Radiography of the vertebral column
Following neurological examination, if the presenting problem is identified to be located in the spine, survey radiographs of the vertebral column (spine) can provide very important information. The vertebral column is composed of individual vertebra and each is slightly different in shape due to change in function at different levels of the column. There are seven cervical (neck) vertebra, thirteen thoracic vertebrae (chest), seven lumbar vertebrae (abdomen), three sacral vertebra- fused (pelvis), and multiple coccygeal vertebra (tail). Between each vertebra is an intervertebral disc which functions to allow restricted movement of the spine.
Radiography of the vertebral column is particularly useful when a disease or abnormality is of the vertebrae itself, or results in displacement of the vertebrae. Some examples of diseases include: malformations of the vertebrae, vertebral fractures or luxations, tumors (cancer) affecting the bone causing destruction or proliferation of bone, or bone infection causing loss of bone. Some diseases may cause mild changes to the bone or width of the intervertebral disc space such as intervertebral disc extrusion or protrusion. Care should be taken not to over interpret survey spinal radiographs in intervertebral disc disease. The utility of radiographs should not be underestimated especially where there is concern for column instability such as fracture or luxation.
Each vertebra has a complex three-dimensional shape, and yet imaging with radiography provides only two dimensional images of these complex structures. Consistency and care regarding the positioning of the patient and radiographic technique (x-ray beam energy) is essential because otherwise subtle abnormalities may be overlooked or normal structures may be misinterpreted as being abnormal. It is important to collect images in at least two planes (orthogonal): lateral (lying on the side) and dorsoventral (lying on the back), unless column instability is likely (trauma). Oblique images between these two orthogonal planes may also be used. To adequately position an animal, supportive devices such as foam pads may be required. Adequate sedation and pain control, or preferably, anesthesia is needed for good radiographs of the column.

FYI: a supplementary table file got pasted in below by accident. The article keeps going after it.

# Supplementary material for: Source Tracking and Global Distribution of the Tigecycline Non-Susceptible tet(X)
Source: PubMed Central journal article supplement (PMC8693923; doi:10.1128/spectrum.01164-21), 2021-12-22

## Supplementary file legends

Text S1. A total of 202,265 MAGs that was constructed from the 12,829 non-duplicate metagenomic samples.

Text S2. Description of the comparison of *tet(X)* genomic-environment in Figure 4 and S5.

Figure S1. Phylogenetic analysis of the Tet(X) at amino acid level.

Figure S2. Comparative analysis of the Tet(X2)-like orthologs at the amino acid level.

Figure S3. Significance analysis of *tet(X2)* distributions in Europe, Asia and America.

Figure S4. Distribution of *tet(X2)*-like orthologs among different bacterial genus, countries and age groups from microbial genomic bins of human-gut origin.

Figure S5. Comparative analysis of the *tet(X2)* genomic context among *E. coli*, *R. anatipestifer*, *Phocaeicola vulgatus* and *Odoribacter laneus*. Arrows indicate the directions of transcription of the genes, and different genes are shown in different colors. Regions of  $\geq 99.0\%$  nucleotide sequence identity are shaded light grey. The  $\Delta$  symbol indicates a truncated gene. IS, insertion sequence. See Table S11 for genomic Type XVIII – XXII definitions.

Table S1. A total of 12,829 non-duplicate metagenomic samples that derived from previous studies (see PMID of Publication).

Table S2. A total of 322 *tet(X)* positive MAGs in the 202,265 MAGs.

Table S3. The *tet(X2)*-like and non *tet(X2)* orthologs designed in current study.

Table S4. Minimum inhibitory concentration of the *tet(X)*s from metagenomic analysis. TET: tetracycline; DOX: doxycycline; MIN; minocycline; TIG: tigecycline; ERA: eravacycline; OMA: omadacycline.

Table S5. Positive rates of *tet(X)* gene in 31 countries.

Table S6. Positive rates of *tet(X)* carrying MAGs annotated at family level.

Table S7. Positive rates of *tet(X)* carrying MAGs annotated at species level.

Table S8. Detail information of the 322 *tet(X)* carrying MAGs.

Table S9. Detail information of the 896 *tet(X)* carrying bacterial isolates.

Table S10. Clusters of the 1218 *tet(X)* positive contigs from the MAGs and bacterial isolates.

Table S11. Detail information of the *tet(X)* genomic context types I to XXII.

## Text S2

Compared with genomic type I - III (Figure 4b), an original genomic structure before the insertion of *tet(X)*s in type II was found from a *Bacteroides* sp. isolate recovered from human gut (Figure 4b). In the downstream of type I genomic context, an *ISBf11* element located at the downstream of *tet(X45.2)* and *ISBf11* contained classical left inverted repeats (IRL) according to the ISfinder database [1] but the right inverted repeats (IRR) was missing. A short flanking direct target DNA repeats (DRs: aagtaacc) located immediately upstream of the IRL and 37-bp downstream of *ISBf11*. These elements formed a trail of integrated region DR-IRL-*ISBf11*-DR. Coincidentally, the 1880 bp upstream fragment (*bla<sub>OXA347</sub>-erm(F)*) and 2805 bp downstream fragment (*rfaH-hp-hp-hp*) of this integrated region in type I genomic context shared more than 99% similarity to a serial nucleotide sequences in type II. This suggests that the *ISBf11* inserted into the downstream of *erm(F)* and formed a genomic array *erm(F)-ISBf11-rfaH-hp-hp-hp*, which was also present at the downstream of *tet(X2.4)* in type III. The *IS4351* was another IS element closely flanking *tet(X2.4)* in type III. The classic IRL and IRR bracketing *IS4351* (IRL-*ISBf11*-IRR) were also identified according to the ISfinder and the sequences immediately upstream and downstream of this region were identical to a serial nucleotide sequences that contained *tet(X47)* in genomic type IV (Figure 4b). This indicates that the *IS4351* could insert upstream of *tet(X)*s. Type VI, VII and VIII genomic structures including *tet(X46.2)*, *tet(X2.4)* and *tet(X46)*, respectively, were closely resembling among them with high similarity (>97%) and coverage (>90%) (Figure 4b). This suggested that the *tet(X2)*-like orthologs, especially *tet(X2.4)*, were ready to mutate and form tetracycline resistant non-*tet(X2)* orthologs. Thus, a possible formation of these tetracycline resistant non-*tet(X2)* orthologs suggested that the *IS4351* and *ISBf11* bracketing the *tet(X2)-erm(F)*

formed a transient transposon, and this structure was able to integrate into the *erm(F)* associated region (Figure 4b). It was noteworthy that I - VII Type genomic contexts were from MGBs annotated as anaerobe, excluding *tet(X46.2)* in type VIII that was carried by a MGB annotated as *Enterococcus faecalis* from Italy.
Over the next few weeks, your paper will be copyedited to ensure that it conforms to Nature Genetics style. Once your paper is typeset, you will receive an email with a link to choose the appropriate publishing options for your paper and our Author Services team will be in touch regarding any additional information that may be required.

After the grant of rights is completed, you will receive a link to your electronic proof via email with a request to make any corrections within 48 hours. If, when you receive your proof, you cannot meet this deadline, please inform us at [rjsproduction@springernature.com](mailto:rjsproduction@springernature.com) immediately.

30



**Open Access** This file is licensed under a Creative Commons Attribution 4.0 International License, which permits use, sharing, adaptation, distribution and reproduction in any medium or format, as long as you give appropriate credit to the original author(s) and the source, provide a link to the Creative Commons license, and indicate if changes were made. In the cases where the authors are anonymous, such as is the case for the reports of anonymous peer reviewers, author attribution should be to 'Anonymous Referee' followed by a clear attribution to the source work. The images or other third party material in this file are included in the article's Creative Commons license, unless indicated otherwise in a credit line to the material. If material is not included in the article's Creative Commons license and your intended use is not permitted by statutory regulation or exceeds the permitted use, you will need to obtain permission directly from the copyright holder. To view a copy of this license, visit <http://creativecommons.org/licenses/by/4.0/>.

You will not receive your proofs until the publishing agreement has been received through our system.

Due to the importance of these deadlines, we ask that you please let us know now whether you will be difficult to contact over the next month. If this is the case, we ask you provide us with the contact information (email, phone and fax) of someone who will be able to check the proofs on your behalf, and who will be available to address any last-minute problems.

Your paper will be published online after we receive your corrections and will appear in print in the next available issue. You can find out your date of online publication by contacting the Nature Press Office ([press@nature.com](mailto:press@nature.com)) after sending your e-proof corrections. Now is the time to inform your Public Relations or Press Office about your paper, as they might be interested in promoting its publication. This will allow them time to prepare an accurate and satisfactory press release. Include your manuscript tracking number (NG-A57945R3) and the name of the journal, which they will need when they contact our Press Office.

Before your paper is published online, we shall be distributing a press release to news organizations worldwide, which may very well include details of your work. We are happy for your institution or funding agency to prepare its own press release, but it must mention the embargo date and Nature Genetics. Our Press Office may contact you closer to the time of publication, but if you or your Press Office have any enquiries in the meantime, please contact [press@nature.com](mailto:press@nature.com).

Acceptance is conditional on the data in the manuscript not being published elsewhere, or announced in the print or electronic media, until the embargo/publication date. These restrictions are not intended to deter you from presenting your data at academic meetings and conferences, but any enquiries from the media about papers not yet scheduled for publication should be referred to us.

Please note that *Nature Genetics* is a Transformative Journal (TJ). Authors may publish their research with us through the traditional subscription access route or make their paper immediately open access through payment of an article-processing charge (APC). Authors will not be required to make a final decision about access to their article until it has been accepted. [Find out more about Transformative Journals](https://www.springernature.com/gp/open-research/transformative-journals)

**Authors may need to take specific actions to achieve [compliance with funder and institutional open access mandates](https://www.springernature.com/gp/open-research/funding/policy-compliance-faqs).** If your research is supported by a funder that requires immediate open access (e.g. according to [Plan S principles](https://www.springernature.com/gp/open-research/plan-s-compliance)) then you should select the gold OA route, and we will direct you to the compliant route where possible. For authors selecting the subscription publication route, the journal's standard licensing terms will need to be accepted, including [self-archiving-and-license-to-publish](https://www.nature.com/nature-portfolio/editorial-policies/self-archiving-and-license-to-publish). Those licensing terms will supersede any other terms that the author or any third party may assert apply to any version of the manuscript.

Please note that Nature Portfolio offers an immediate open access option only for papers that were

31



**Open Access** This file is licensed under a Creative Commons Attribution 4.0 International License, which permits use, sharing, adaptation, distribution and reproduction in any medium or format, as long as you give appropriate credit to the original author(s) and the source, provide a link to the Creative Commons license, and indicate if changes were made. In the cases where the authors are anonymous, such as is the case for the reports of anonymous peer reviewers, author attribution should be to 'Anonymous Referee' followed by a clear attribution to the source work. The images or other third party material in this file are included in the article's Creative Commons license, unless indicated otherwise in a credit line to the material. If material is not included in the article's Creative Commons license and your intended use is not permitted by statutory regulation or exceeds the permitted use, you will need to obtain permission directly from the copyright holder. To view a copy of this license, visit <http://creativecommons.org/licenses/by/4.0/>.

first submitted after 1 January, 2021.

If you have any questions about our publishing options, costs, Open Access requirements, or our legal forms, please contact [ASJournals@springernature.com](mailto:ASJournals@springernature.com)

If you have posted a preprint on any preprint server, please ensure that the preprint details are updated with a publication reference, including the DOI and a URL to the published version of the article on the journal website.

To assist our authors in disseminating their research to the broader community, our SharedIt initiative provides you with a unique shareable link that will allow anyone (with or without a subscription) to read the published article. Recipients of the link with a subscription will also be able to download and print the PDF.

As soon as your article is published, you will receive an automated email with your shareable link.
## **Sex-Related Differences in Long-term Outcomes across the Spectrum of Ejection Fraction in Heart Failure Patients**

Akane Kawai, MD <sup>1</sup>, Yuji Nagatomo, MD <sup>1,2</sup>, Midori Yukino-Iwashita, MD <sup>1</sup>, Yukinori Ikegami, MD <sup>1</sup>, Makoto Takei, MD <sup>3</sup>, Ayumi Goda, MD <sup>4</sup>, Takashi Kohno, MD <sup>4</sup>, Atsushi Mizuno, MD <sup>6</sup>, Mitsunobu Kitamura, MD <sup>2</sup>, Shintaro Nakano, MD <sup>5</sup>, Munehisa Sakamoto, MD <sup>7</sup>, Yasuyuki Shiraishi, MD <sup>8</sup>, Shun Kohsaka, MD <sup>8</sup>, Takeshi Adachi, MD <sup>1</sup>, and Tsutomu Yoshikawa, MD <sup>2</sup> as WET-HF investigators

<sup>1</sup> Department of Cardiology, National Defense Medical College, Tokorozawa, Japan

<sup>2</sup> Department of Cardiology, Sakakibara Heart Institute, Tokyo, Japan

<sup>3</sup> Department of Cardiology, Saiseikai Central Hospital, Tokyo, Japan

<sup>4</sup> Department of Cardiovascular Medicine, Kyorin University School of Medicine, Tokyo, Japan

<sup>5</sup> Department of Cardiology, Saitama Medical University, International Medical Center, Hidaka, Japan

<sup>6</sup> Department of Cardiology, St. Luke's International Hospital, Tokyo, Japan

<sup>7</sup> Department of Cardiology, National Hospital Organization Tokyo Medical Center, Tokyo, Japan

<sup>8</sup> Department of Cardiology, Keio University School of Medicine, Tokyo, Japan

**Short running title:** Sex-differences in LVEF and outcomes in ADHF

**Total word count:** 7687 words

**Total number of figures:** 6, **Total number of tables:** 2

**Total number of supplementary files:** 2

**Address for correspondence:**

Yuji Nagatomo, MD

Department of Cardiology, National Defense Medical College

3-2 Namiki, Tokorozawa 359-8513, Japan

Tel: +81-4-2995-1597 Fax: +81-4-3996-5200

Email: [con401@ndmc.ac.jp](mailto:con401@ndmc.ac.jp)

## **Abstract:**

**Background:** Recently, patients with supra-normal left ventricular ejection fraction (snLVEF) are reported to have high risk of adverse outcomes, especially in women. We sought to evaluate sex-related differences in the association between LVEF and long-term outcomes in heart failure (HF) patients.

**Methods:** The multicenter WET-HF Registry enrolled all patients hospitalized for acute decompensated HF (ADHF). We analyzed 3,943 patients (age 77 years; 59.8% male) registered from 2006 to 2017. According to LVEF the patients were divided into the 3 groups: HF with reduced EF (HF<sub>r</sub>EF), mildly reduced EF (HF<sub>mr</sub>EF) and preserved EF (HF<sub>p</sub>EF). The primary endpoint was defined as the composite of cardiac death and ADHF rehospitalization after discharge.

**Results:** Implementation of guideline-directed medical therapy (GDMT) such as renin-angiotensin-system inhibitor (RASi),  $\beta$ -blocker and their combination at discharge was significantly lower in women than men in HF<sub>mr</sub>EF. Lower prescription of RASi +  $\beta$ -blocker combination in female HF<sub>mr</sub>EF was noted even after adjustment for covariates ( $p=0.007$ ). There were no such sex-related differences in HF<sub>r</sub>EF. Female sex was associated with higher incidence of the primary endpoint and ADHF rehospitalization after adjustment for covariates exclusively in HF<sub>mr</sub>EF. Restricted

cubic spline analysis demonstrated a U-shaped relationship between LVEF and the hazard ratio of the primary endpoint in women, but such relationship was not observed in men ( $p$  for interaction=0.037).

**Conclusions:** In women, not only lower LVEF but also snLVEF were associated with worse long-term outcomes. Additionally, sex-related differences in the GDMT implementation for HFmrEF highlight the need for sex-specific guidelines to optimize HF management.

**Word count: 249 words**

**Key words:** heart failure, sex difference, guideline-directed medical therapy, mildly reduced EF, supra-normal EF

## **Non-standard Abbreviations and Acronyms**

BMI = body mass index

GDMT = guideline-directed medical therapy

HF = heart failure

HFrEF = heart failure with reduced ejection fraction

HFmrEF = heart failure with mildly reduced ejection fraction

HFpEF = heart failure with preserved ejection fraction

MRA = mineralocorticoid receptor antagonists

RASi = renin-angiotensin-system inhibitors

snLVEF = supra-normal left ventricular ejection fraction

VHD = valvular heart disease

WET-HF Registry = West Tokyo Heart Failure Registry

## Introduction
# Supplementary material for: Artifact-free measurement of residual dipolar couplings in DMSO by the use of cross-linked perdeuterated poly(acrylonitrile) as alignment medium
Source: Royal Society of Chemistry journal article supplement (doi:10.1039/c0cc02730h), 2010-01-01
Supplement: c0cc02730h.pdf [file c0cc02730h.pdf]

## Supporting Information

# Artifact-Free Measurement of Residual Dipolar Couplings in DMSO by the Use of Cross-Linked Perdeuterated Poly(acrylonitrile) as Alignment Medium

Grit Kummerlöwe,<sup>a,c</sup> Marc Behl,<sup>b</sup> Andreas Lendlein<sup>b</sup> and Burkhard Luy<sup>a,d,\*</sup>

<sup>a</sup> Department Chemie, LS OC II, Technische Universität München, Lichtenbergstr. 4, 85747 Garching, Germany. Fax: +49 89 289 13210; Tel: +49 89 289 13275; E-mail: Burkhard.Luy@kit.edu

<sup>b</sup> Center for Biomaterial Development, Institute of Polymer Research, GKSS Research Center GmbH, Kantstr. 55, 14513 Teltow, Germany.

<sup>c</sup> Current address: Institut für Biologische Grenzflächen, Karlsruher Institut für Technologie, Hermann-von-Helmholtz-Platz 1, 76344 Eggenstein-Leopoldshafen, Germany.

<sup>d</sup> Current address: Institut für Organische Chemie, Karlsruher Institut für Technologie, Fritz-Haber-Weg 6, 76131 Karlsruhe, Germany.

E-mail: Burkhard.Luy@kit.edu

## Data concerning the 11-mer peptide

Limitations of survey column radiography are that only the bony elements are adequately imaged; the spinal cord, nerve roots and meninges (covering spinal elements) are not able to be visualized. For this reason, additional advanced diagnostic techniques are used such as myelography, computed tomography and magnetic resonance imaging.
Fluoroscopy uses a continuous low dose x-rays that allows evaluation dynamic imaging of the body. It is most commonly used to diagnose diseases that involve motion, such as collapsing tracheas and swallowing disorders.